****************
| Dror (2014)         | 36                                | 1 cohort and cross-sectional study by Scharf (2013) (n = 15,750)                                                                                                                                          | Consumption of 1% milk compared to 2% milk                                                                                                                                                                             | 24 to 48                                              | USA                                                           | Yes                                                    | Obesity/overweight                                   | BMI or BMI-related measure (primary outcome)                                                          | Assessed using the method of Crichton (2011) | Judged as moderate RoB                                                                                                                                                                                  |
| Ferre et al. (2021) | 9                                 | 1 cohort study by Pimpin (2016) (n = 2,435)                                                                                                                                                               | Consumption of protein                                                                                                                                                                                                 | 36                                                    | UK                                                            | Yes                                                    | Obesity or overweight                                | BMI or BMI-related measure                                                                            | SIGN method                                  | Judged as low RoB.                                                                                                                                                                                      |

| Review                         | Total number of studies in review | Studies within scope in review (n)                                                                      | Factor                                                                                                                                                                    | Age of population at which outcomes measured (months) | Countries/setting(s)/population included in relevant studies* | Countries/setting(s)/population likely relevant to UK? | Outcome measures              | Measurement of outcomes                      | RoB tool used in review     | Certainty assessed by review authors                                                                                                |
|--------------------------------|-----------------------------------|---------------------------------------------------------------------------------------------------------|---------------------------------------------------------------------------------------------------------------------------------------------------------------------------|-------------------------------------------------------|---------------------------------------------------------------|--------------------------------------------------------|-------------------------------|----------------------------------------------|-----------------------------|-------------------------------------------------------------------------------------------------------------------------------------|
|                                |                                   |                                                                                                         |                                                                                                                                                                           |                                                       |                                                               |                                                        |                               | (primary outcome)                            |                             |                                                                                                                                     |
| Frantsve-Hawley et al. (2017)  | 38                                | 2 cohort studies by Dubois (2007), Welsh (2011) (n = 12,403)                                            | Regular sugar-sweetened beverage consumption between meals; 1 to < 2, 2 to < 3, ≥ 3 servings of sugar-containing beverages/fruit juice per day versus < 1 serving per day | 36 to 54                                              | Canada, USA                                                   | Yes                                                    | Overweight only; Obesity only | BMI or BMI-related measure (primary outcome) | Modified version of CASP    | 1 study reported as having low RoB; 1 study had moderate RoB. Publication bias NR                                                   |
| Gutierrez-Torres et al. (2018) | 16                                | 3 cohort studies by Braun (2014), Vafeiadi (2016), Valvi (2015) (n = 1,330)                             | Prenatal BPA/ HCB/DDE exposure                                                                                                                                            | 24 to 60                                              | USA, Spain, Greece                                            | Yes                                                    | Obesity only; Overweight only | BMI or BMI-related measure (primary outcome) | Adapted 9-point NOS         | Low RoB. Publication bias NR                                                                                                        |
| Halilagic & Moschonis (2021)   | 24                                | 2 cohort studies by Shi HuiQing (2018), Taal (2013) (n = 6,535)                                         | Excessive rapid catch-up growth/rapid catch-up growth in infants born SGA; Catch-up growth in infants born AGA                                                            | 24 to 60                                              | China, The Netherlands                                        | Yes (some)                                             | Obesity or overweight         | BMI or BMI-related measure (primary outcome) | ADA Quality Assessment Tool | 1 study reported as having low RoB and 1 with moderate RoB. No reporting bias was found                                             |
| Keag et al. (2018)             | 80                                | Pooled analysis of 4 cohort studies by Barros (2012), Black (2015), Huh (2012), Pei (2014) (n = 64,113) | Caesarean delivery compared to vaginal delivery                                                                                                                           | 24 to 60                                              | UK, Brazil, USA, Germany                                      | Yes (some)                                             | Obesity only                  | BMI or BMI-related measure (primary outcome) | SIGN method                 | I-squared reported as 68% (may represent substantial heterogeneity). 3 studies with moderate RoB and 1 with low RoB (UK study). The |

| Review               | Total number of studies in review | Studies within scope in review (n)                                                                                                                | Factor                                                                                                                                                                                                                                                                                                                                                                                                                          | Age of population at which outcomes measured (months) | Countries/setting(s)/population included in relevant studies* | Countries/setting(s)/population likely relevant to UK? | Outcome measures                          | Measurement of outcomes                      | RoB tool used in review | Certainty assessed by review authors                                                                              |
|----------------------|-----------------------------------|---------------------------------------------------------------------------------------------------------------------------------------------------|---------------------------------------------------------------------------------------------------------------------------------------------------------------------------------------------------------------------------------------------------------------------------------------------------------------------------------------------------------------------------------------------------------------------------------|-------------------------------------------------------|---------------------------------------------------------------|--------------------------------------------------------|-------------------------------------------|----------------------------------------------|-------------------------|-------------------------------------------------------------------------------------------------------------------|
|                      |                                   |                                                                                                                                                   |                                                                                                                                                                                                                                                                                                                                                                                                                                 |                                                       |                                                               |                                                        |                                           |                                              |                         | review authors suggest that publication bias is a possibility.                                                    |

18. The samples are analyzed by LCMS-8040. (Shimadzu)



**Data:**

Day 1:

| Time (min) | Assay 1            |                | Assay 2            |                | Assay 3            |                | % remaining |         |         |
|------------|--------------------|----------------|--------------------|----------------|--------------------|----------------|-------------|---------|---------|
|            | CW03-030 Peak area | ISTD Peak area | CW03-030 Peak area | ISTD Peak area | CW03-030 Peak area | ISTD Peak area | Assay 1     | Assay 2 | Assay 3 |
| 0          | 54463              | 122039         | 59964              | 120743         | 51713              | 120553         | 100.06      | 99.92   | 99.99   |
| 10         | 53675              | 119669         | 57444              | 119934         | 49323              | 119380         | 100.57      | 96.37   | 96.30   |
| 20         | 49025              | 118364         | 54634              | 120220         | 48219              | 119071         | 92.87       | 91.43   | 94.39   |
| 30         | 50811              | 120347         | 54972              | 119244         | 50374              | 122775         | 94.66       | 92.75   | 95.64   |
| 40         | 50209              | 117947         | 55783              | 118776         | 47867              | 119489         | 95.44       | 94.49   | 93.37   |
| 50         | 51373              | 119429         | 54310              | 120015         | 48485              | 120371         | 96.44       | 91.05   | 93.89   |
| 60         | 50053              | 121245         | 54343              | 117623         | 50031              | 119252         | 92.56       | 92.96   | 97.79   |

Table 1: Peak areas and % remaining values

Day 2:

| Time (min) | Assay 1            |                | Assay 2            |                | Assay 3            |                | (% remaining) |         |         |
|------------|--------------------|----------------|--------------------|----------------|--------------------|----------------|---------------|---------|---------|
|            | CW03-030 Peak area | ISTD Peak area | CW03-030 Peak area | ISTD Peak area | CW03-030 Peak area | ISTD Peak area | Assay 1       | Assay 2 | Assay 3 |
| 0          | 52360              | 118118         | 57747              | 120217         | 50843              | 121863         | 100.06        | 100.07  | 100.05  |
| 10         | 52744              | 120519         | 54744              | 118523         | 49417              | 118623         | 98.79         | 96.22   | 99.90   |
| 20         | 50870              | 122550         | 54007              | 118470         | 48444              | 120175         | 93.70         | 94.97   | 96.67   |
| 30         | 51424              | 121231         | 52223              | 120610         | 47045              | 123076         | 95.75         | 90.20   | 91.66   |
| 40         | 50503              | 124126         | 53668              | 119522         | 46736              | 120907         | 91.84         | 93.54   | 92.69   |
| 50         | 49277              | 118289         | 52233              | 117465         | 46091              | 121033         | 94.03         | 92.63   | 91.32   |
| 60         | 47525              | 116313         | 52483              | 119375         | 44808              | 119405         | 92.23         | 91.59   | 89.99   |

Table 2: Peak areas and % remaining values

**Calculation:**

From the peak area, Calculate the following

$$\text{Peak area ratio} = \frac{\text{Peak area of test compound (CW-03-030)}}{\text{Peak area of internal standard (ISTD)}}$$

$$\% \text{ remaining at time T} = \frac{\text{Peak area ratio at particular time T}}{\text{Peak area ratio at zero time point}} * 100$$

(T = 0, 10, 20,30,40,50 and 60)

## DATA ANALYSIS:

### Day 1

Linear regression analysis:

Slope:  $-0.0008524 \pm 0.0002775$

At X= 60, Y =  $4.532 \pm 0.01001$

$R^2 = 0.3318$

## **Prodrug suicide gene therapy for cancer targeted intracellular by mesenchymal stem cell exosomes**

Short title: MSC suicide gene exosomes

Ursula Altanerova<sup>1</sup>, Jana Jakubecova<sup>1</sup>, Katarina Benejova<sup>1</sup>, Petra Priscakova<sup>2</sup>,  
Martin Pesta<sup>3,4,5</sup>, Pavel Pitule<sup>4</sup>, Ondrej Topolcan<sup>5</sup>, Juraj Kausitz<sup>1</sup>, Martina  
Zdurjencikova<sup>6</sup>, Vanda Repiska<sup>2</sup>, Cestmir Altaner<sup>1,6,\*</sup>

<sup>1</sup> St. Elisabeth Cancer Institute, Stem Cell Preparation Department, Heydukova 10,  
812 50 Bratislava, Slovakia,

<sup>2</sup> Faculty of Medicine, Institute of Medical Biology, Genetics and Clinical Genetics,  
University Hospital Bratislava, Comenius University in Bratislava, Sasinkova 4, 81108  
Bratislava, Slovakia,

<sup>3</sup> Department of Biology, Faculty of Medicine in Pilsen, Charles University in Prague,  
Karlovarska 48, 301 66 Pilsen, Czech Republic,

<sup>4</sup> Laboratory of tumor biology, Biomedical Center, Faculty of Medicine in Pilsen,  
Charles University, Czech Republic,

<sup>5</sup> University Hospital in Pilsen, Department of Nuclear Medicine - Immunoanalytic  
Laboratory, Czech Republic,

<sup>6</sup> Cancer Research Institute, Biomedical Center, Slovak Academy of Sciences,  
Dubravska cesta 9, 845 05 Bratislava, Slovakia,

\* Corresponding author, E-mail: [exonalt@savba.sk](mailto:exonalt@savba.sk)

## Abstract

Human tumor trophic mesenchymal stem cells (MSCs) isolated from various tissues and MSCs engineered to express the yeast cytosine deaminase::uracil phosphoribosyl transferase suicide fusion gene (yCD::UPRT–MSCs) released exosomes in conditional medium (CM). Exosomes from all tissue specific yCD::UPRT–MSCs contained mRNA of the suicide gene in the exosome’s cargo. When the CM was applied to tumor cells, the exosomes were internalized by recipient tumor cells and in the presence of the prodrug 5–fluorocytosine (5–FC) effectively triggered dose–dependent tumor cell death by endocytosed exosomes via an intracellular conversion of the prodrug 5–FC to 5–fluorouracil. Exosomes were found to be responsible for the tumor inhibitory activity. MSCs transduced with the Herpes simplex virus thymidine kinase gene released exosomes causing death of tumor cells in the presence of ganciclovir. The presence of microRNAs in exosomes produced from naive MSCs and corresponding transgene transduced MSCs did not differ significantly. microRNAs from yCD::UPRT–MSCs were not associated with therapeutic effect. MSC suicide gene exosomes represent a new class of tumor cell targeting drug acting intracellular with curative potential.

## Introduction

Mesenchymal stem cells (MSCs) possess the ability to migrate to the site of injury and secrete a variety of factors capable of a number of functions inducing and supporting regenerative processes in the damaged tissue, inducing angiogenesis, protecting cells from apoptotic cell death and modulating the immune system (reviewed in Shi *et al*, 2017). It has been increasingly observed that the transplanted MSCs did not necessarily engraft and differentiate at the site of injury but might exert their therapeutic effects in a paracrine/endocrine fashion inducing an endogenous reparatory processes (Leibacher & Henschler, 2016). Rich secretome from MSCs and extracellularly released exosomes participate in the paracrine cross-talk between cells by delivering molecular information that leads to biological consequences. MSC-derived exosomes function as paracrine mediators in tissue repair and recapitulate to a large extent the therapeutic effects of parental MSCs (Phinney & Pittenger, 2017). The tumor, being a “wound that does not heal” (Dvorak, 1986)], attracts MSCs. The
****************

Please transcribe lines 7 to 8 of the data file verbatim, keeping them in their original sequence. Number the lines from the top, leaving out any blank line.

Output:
| Gutierrez-Torres et al. (2018) | 16                                | 3 cohort studies by Braun (2014), Vafeiadi (2016), Valvi (2015) (n = 1,330)                             | Prenatal BPA/ HCB/DDE exposure                                                                                                                                            | 24 to 60                                              | USA, Spain, Greece                                            | Yes                                                    | Obesity only; Overweight only | BMI or BMI-related measure (primary outcome) | Adapted 9-point NOS         | Low RoB. Publication bias NR                                                                                                        |
| Halilagic & Moschonis (2021)   | 24                                | 2 cohort studies by Shi HuiQing (2018), Taal (2013) (n = 6,535)                                         | Excessive rapid catch-up growth/rapid catch-up growth in infants born SGA; Catch-up growth in infants born AGA                                                            | 24 to 60                                              | China, The Netherlands                                        | Yes (some)                                             | Obesity or overweight         | BMI or BMI-related measure (primary outcome) | ADA Quality Assessment Tool | 1 study reported as having low RoB and 1 with moderate RoB. No reporting bias was found                                             |